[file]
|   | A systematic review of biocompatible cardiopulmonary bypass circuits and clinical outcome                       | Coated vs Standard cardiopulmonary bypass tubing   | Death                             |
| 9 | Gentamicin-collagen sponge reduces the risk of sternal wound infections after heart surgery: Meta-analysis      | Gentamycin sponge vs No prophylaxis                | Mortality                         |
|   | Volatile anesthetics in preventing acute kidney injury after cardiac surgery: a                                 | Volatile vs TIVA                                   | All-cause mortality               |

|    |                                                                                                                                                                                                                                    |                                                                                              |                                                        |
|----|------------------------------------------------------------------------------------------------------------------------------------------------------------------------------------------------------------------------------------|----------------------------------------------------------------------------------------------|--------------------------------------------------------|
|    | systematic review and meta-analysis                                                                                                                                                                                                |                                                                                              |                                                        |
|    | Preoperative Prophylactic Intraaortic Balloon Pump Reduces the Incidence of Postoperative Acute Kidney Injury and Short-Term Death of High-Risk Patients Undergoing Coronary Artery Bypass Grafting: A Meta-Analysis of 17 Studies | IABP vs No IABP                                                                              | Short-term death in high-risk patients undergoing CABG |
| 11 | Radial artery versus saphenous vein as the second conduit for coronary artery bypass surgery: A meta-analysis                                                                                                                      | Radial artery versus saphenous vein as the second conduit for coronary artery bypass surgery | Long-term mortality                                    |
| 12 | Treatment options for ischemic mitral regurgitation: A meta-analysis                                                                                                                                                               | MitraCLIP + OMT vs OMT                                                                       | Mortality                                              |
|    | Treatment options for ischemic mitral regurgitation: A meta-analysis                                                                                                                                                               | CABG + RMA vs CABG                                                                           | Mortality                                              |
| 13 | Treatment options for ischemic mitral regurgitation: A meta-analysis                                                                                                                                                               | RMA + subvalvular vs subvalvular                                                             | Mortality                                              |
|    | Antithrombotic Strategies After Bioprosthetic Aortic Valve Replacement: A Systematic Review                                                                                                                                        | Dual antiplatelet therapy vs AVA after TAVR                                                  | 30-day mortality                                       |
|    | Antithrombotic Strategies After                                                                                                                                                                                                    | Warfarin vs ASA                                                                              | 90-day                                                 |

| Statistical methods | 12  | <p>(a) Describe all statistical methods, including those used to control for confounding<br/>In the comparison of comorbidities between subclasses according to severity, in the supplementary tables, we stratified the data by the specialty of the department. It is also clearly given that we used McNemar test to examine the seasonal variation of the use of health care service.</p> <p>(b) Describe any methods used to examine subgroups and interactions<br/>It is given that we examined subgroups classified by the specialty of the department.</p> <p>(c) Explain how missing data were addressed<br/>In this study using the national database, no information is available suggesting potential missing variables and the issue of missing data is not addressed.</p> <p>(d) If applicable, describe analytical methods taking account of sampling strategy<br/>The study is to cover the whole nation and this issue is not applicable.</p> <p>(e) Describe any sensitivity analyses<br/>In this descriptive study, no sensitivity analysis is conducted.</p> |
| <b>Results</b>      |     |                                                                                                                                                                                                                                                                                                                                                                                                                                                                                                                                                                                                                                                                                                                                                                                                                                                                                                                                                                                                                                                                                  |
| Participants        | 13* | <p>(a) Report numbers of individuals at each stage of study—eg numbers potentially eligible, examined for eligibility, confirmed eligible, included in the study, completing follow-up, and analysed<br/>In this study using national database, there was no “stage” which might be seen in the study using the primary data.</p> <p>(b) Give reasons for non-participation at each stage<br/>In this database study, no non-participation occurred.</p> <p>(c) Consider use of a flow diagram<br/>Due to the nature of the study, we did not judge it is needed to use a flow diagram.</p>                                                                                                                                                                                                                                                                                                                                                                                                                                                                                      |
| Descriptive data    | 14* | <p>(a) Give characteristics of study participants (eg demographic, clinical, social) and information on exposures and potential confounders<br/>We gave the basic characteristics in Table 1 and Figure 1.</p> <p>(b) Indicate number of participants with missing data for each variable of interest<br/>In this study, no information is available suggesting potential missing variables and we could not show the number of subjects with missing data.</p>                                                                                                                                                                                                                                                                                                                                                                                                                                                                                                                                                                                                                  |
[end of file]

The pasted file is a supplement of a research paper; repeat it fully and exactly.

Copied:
|   | A systematic review of biocompatible cardiopulmonary bypass circuits and clinical outcome                       | Coated vs Standard cardiopulmonary bypass tubing   | Death                             |
| 9 | Gentamicin-collagen sponge reduces the risk of sternal wound infections after heart surgery: Meta-analysis      | Gentamycin sponge vs No prophylaxis                | Mortality                         |
|   | Volatile anesthetics in preventing acute kidney injury after cardiac surgery: a                                 | Volatile vs TIVA                                   | All-cause mortality               |

|    |                                                                                                                                                                                                                                    |                                                                                              |                                                        |
|----|------------------------------------------------------------------------------------------------------------------------------------------------------------------------------------------------------------------------------------|----------------------------------------------------------------------------------------------|--------------------------------------------------------|
|    | systematic review and meta-analysis                                                                                                                                                                                                |                                                                                              |                                                        |
|    | Preoperative Prophylactic Intraaortic Balloon Pump Reduces the Incidence of Postoperative Acute Kidney Injury and Short-Term Death of High-Risk Patients Undergoing Coronary Artery Bypass Grafting: A Meta-Analysis of 17 Studies | IABP vs No IABP                                                                              | Short-term death in high-risk patients undergoing CABG |
| 11 | Radial artery versus saphenous vein as the second conduit for coronary artery bypass surgery: A meta-analysis                                                                                                                      | Radial artery versus saphenous vein as the second conduit for coronary artery bypass surgery | Long-term mortality                                    |
| 12 | Treatment options for ischemic mitral regurgitation: A meta-analysis                                                                                                                                                               | MitraCLIP + OMT vs OMT                                                                       | Mortality                                              |
|    | Treatment options for ischemic mitral regurgitation: A meta-analysis                                                                                                                                                               | CABG + RMA vs CABG                                                                           | Mortality                                              |
| 13 | Treatment options for ischemic mitral regurgitation: A meta-analysis                                                                                                                                                               | RMA + subvalvular vs subvalvular                                                             | Mortality                                              |
|    | Antithrombotic Strategies After Bioprosthetic Aortic Valve Replacement: A Systematic Review                                                                                                                                        | Dual antiplatelet therapy vs AVA after TAVR                                                  | 30-day mortality                                       |
|    | Antithrombotic Strategies After                                                                                                                                                                                                    | Warfarin vs ASA                                                                              | 90-day                                                 |

| Statistical methods | 12  | <p>(a) Describe all statistical methods, including those used to control for confounding<br/>In the comparison of comorbidities between subclasses according to severity, in the supplementary tables, we stratified the data by the specialty of the department. It is also clearly given that we used McNemar test to examine the seasonal variation of the use of health care service.</p> <p>(b) Describe any methods used to examine subgroups and interactions<br/>It is given that we examined subgroups classified by the specialty of the department.</p> <p>(c) Explain how missing data were addressed<br/>In this study using the national database, no information is available suggesting potential missing variables and the issue of missing data is not addressed.</p> <p>(d) If applicable, describe analytical methods taking account of sampling strategy<br/>The study is to cover the whole nation and this issue is not applicable.</p> <p>(e) Describe any sensitivity analyses<br/>In this descriptive study, no sensitivity analysis is conducted.</p> |
| <b>Results</b>      |     |                                                                                                                                                                                                                                                                                                                                                                                                                                                                                                                                                                                                                                                                                                                                                                                                                                                                                                                                                                                                                                                                                  |
| Participants        | 13* | <p>(a) Report numbers of individuals at each stage of study—eg numbers potentially eligible, examined for eligibility, confirmed eligible, included in the study, completing follow-up, and analysed<br/>In this study using national database, there was no “stage” which might be seen in the study using the primary data.</p> <p>(b) Give reasons for non-participation at each stage<br/>In this database study, no non-participation occurred.</p> <p>(c) Consider use of a flow diagram<br/>Due to the nature of the study, we did not judge it is needed to use a flow diagram.</p>                                                                                                                                                                                                                                                                                                                                                                                                                                                                                      |
| Descriptive data    | 14* | <p>(a) Give characteristics of study participants (eg demographic, clinical, social) and information on exposures and potential confounders<br/>We gave the basic characteristics in Table 1 and Figure 1.</p> <p>(b) Indicate number of participants with missing data for each variable of interest<br/>In this study, no information is available suggesting potential missing variables and we could not show the number of subjects with missing data.</p>                                                                                                                                                                                                                                                                                                                                                                                                                                                                                                                                                                                                                  |